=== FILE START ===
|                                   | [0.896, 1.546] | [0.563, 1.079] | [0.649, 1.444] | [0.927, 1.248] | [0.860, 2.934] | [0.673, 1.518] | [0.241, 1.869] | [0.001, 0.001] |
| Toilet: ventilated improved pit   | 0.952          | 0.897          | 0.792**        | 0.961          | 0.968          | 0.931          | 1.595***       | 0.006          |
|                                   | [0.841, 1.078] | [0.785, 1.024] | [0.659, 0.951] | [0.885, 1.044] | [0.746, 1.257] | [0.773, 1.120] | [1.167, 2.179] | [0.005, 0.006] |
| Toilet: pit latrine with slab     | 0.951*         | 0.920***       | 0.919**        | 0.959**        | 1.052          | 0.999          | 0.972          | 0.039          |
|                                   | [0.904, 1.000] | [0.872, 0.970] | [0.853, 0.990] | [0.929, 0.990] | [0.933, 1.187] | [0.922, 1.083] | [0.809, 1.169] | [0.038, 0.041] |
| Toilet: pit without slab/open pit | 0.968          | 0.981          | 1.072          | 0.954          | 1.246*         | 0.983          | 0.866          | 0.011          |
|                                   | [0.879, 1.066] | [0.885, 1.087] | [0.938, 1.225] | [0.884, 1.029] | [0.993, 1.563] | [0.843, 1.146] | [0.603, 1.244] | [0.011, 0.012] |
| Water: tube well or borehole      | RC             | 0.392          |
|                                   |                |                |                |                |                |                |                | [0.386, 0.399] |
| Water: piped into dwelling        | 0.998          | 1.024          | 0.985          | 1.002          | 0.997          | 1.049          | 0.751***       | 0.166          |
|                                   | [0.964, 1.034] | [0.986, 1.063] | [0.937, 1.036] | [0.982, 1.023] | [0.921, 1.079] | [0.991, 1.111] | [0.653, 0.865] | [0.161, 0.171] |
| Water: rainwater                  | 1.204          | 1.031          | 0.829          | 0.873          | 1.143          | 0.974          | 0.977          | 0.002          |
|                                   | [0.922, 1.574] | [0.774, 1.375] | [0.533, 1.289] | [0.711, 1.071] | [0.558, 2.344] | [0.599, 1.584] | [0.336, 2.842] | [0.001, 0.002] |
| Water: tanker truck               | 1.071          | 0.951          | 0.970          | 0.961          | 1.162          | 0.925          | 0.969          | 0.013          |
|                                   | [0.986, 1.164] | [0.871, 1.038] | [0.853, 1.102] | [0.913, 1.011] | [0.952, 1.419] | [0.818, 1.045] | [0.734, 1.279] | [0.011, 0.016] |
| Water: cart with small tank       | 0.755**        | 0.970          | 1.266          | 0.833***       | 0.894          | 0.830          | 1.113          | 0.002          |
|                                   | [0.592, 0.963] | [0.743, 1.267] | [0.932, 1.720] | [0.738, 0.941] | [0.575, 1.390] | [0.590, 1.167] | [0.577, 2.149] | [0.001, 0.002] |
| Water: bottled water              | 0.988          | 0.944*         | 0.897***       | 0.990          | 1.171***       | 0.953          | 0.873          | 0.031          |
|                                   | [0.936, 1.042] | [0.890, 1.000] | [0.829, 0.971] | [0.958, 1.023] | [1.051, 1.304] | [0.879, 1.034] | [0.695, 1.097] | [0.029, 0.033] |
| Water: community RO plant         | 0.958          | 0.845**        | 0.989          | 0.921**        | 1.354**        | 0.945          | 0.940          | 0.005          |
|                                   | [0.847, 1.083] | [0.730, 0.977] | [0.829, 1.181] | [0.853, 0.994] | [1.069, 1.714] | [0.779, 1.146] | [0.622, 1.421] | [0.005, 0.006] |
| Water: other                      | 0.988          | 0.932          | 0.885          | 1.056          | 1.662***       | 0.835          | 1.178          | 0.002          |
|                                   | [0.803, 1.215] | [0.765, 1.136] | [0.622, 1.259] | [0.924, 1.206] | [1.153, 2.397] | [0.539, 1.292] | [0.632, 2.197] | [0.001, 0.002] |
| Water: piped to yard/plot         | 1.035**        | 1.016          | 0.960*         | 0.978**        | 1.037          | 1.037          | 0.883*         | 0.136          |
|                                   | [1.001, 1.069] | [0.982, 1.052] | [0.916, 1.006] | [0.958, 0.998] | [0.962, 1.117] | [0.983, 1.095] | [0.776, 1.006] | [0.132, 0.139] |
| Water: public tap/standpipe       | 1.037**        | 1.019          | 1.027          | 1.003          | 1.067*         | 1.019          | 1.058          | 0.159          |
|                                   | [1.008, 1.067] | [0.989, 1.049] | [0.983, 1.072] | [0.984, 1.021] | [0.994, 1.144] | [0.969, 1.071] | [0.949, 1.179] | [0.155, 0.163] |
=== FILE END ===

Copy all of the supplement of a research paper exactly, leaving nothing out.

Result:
|                                   | [0.896, 1.546] | [0.563, 1.079] | [0.649, 1.444] | [0.927, 1.248] | [0.860, 2.934] | [0.673, 1.518] | [0.241, 1.869] | [0.001, 0.001] |
| Toilet: ventilated improved pit   | 0.952          | 0.897          | 0.792**        | 0.961          | 0.968          | 0.931          | 1.595***       | 0.006          |
|                                   | [0.841, 1.078] | [0.785, 1.024] | [0.659, 0.951] | [0.885, 1.044] | [0.746, 1.257] | [0.773, 1.120] | [1.167, 2.179] | [0.005, 0.006] |
| Toilet: pit latrine with slab     | 0.951*         | 0.920***       | 0.919**        | 0.959**        | 1.052          | 0.999          | 0.972          | 0.039          |
|                                   | [0.904, 1.000] | [0.872, 0.970] | [0.853, 0.990] | [0.929, 0.990] | [0.933, 1.187] | [0.922, 1.083] | [0.809, 1.169] | [0.038, 0.041] |
| Toilet: pit without slab/open pit | 0.968          | 0.981          | 1.072          | 0.954          | 1.246*         | 0.983          | 0.866          | 0.011          |
|                                   | [0.879, 1.066] | [0.885, 1.087] | [0.938, 1.225] | [0.884, 1.029] | [0.993, 1.563] | [0.843, 1.146] | [0.603, 1.244] | [0.011, 0.012] |
| Water: tube well or borehole      | RC             | 0.392          |
|                                   |                |                |                |                |                |                |                | [0.386, 0.399] |
| Water: piped into dwelling        | 0.998          | 1.024          | 0.985          | 1.002          | 0.997          | 1.049          | 0.751***       | 0.166          |
|                                   | [0.964, 1.034] | [0.986, 1.063] | [0.937, 1.036] | [0.982, 1.023] | [0.921, 1.079] | [0.991, 1.111] | [0.653, 0.865] | [0.161, 0.171] |
| Water: rainwater                  | 1.204          | 1.031          | 0.829          | 0.873          | 1.143          | 0.974          | 0.977          | 0.002          |
|                                   | [0.922, 1.574] | [0.774, 1.375] | [0.533, 1.289] | [0.711, 1.071] | [0.558, 2.344] | [0.599, 1.584] | [0.336, 2.842] | [0.001, 0.002] |
| Water: tanker truck               | 1.071          | 0.951          | 0.970          | 0.961          | 1.162          | 0.925          | 0.969          | 0.013          |
|                                   | [0.986, 1.164] | [0.871, 1.038] | [0.853, 1.102] | [0.913, 1.011] | [0.952, 1.419] | [0.818, 1.045] | [0.734, 1.279] | [0.011, 0.016] |
| Water: cart with small tank       | 0.755**        | 0.970          | 1.266          | 0.833***       | 0.894          | 0.830          | 1.113          | 0.002          |
|                                   | [0.592, 0.963] | [0.743, 1.267] | [0.932, 1.720] | [0.738, 0.941] | [0.575, 1.390] | [0.590, 1.167] | [0.577, 2.149] | [0.001, 0.002] |
| Water: bottled water              | 0.988          | 0.944*         | 0.897***       | 0.990          | 1.171***       | 0.953          | 0.873          | 0.031          |
|                                   | [0.936, 1.042] | [0.890, 1.000] | [0.829, 0.971] | [0.958, 1.023] | [1.051, 1.304] | [0.879, 1.034] | [0.695, 1.097] | [0.029, 0.033] |
| Water: community RO plant         | 0.958          | 0.845**        | 0.989          | 0.921**        | 1.354**        | 0.945          | 0.940          | 0.005          |
|                                   | [0.847, 1.083] | [0.730, 0.977] | [0.829, 1.181] | [0.853, 0.994] | [1.069, 1.714] | [0.779, 1.146] | [0.622, 1.421] | [0.005, 0.006] |
| Water: other                      | 0.988          | 0.932          | 0.885          | 1.056          | 1.662***       | 0.835          | 1.178          | 0.002          |
|                                   | [0.803, 1.215] | [0.765, 1.136] | [0.622, 1.259] | [0.924, 1.206] | [1.153, 2.397] | [0.539, 1.292] | [0.632, 2.197] | [0.001, 0.002] |
| Water: piped to yard/plot         | 1.035**        | 1.016          | 0.960*         | 0.978**        | 1.037          | 1.037          | 0.883*         | 0.136          |
|                                   | [1.001, 1.069] | [0.982, 1.052] | [0.916, 1.006] | [0.958, 0.998] | [0.962, 1.117] | [0.983, 1.095] | [0.776, 1.006] | [0.132, 0.139] |
| Water: public tap/standpipe       | 1.037**        | 1.019          | 1.027          | 1.003          | 1.067*         | 1.019          | 1.058          | 0.159          |
|                                   | [1.008, 1.067] | [0.989, 1.049] | [0.983, 1.072] | [0.984, 1.021] | [0.994, 1.144] | [0.969, 1.071] | [0.949, 1.179] | [0.155, 0.163] |